The majority of heirloom vegetable varieties are treasured because they’ve been tested for decades and even centuries. In many cases, the path to developing these stellar seeds was a long one with lots of failures and mishaps along the way. Many heirloom seeds have been lost over the decades because the seeds weren’t saved. This is a travesty, to say the least. Those lost plants may have been the perfect disease-resistant melon, or pest-resistant cauliflower, or cold-hardy peach. Heirloom varieties are valuable in countless ways.

The Top Three Benefits of Heirloom Vegetables

  1. Flavor – This is the number one reason that gardeners plant heirlooms. If all you’ve ever had is vegetables from the grocery store, you’re missing out. The variety of tomatoes alone is astounding, not to mention size, color, texture, juiciness, and flavor depth. It is the same for every vegetable. Heirloom seeds open up the possibilities for all-new taste experiences.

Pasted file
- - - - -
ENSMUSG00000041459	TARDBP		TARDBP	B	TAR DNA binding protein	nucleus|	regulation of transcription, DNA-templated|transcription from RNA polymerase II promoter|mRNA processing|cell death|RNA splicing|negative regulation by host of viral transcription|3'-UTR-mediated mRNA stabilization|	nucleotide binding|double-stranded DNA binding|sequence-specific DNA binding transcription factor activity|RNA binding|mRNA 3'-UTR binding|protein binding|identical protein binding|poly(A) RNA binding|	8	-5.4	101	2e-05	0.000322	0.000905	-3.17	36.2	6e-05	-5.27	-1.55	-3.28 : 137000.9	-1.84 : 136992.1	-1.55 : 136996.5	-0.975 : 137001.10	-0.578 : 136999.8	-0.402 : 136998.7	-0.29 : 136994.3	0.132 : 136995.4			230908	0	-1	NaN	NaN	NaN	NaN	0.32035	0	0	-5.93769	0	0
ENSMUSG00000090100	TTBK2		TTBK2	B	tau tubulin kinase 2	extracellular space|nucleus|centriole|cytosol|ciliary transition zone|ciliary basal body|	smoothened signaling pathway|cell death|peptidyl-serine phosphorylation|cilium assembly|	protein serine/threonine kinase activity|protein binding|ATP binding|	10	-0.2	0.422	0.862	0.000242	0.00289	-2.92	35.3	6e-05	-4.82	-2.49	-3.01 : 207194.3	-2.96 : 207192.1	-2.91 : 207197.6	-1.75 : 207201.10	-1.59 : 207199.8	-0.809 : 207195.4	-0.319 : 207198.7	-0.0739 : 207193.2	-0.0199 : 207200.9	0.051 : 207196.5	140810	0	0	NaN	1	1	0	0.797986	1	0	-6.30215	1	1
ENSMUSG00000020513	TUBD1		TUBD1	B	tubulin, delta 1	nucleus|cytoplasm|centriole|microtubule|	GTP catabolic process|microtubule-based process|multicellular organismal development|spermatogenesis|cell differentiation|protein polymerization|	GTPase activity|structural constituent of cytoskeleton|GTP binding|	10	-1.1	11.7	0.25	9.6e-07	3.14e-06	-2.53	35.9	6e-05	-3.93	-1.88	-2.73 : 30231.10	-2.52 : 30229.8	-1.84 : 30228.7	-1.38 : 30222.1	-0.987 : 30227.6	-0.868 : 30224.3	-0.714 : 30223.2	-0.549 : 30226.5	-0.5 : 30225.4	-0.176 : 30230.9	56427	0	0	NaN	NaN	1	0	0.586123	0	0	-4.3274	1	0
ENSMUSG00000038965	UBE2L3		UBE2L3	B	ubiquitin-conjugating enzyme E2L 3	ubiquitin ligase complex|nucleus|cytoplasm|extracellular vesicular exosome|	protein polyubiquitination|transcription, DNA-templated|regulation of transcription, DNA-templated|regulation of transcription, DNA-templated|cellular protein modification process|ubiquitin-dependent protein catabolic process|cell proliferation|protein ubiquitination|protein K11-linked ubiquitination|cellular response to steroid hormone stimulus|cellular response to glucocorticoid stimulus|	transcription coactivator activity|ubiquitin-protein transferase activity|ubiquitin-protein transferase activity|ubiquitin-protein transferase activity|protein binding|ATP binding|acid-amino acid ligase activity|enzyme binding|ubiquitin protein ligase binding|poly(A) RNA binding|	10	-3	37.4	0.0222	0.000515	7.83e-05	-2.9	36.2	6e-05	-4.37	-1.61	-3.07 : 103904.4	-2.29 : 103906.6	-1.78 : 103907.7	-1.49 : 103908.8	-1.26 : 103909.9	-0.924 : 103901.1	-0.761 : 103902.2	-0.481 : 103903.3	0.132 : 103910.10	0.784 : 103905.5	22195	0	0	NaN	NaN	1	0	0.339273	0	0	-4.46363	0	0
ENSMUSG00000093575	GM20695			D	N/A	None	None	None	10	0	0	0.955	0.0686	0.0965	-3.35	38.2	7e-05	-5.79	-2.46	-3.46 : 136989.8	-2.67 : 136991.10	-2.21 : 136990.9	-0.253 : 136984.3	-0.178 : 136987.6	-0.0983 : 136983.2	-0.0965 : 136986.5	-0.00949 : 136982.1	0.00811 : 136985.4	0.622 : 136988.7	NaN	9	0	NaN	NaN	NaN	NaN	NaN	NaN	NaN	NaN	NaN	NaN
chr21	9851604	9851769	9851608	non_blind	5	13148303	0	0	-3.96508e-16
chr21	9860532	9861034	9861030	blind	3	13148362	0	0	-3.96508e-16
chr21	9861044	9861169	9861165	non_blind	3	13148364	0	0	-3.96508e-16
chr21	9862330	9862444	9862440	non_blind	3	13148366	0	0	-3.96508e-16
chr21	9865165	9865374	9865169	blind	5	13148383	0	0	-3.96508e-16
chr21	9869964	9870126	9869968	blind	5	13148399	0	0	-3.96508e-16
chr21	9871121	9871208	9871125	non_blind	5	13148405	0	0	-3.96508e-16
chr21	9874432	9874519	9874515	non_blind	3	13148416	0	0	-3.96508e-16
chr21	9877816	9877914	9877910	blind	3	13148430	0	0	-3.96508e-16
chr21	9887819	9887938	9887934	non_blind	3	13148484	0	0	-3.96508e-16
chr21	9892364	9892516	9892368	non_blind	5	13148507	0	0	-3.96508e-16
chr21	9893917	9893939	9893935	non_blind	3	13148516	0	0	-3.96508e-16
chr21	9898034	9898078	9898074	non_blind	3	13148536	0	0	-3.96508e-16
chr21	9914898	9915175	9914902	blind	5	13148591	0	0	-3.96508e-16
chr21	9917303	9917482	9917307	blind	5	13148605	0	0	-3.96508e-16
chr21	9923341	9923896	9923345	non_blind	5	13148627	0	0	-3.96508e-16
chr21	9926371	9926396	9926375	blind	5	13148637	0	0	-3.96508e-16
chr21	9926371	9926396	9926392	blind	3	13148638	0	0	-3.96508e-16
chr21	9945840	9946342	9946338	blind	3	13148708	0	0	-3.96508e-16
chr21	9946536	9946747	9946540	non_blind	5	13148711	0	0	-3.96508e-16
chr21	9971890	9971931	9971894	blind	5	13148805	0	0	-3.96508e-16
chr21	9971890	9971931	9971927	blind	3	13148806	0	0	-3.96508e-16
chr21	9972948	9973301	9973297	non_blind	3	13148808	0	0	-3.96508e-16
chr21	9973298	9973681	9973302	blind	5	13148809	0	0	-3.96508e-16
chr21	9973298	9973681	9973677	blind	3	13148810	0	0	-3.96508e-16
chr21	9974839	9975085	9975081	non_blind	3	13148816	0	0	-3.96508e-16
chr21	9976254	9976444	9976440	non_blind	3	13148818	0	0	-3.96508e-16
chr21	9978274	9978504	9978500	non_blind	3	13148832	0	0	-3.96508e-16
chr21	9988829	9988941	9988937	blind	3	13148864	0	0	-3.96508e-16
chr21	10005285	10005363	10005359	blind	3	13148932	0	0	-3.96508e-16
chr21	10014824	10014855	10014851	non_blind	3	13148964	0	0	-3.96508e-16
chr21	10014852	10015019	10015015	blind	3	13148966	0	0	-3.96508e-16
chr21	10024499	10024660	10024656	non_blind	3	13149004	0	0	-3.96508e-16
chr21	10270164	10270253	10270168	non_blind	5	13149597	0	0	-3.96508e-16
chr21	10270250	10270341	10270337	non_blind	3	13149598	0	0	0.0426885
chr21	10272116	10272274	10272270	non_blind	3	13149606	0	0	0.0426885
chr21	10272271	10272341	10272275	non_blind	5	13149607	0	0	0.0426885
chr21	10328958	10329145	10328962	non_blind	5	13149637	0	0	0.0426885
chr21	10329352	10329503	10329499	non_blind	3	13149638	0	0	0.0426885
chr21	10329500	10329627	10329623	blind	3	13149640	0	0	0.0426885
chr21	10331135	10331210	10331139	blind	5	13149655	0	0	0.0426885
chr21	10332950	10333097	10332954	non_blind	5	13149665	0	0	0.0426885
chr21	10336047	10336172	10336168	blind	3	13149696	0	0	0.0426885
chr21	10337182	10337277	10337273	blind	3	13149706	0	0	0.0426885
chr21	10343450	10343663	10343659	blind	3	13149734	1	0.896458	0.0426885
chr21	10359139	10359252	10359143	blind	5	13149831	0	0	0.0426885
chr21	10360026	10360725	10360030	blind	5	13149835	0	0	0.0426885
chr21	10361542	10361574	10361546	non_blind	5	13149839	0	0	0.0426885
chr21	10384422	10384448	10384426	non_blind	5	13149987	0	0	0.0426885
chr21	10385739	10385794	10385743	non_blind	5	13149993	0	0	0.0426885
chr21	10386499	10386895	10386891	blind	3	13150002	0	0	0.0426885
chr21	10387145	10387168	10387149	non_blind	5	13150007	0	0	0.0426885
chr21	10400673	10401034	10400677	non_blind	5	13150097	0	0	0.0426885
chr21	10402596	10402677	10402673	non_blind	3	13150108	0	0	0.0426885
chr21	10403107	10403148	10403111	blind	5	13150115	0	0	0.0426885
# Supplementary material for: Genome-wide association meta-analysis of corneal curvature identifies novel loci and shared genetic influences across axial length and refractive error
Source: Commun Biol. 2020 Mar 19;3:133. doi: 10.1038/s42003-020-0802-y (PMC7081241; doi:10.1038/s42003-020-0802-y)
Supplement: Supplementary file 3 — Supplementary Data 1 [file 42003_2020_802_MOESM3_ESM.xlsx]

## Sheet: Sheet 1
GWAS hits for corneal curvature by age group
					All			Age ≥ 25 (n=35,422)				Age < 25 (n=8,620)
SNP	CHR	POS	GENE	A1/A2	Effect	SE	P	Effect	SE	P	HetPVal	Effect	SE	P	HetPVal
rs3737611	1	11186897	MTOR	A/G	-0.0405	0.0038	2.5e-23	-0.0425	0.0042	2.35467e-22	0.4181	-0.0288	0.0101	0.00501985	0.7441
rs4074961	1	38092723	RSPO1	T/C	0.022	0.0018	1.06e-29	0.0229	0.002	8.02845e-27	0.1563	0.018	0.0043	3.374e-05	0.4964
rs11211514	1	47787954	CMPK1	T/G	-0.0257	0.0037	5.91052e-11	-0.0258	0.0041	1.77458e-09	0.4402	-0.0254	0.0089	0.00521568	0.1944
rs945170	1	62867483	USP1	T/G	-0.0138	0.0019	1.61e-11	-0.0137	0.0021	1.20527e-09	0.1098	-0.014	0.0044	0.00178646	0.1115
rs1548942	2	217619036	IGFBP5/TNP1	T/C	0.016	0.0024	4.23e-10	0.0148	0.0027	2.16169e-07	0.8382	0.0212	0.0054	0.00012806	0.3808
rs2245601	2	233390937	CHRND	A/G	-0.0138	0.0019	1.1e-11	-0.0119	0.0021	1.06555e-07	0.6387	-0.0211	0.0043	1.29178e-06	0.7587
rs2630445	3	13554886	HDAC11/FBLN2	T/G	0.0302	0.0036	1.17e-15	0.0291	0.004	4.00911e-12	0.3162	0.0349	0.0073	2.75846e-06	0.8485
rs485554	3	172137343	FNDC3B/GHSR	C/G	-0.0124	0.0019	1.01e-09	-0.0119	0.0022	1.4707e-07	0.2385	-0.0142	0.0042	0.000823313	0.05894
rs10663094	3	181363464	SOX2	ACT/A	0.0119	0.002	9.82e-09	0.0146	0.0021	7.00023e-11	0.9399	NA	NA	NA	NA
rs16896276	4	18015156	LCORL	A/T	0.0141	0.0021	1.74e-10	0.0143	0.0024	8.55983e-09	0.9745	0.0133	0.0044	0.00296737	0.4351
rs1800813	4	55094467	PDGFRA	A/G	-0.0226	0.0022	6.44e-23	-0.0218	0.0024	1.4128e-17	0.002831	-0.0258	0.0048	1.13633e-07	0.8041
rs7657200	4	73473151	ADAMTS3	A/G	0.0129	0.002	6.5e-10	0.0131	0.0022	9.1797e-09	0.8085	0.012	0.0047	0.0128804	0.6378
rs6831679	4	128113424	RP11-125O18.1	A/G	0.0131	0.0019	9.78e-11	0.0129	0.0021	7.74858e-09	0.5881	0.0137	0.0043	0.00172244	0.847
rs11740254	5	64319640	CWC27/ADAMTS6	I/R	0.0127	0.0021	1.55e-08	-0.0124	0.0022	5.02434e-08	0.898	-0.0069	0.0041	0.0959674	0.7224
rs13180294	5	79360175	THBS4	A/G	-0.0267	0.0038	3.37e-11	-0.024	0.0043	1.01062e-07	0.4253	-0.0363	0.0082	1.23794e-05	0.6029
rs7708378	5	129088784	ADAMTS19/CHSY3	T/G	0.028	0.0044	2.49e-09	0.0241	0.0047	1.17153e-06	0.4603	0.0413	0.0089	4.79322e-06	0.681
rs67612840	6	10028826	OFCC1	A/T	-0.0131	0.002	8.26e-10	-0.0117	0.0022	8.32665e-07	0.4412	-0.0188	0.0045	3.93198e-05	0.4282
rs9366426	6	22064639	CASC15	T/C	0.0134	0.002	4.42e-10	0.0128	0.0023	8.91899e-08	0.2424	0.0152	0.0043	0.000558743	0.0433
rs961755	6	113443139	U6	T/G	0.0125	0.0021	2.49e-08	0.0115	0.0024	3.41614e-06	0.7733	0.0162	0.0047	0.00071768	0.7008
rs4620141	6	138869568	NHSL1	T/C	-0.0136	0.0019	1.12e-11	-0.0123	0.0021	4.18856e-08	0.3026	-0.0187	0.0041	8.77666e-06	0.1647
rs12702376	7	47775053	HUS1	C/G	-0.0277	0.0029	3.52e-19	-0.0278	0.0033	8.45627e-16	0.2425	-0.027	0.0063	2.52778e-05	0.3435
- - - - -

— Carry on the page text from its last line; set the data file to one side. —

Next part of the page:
• Adaptability – Because these seeds are the result of decades of propagation, the genetics are more robust. Seeds evolve over time, and the longer they are in use, the longer they have to build up their adaptive skills. Many heirlooms build up a natural immunity to regional pests or stresses. Heirloom seeds also can adapt to new locations and climates.
  • Open-Pollinated –  Open-pollinated simply means that the plants are pollinated naturally by bees, butterflies, and birds. When a plant is open-pollinated, the seeds can be saved to produce identical plants. A seed from an heirloom cucumber will produce that same cucumber plant and fruit every single time. Saving seeds also means saving money because you don’t need to buy new seeds every year. All heirlooms are open-pollinated; however, not all open-pollinated seeds are heirlooms.

Heirloom vs. Hybrid: What is the Difference?

Hybrid seeds made their debut in 1920’s but didn’t become entirely commercialized until the 1950’s. A hybrid seed is created by artificially combining two plants of the same species to create an entirely different variety. For example, a corn variety with long ears crossed with a corn variety with abundant kernels and short ears produces a long-eared corn with lots of kernels. Hybrids are an incredible way to harness the best, whether it be taste, disease-resistance, or productivity.

The downside to hybrids, though, and it’s a big one, is that you can’t save the seeds. Seeds produced by the hybrid, if planted, will not grow the same superior vegetable. This means that seeds must be purchased new every year.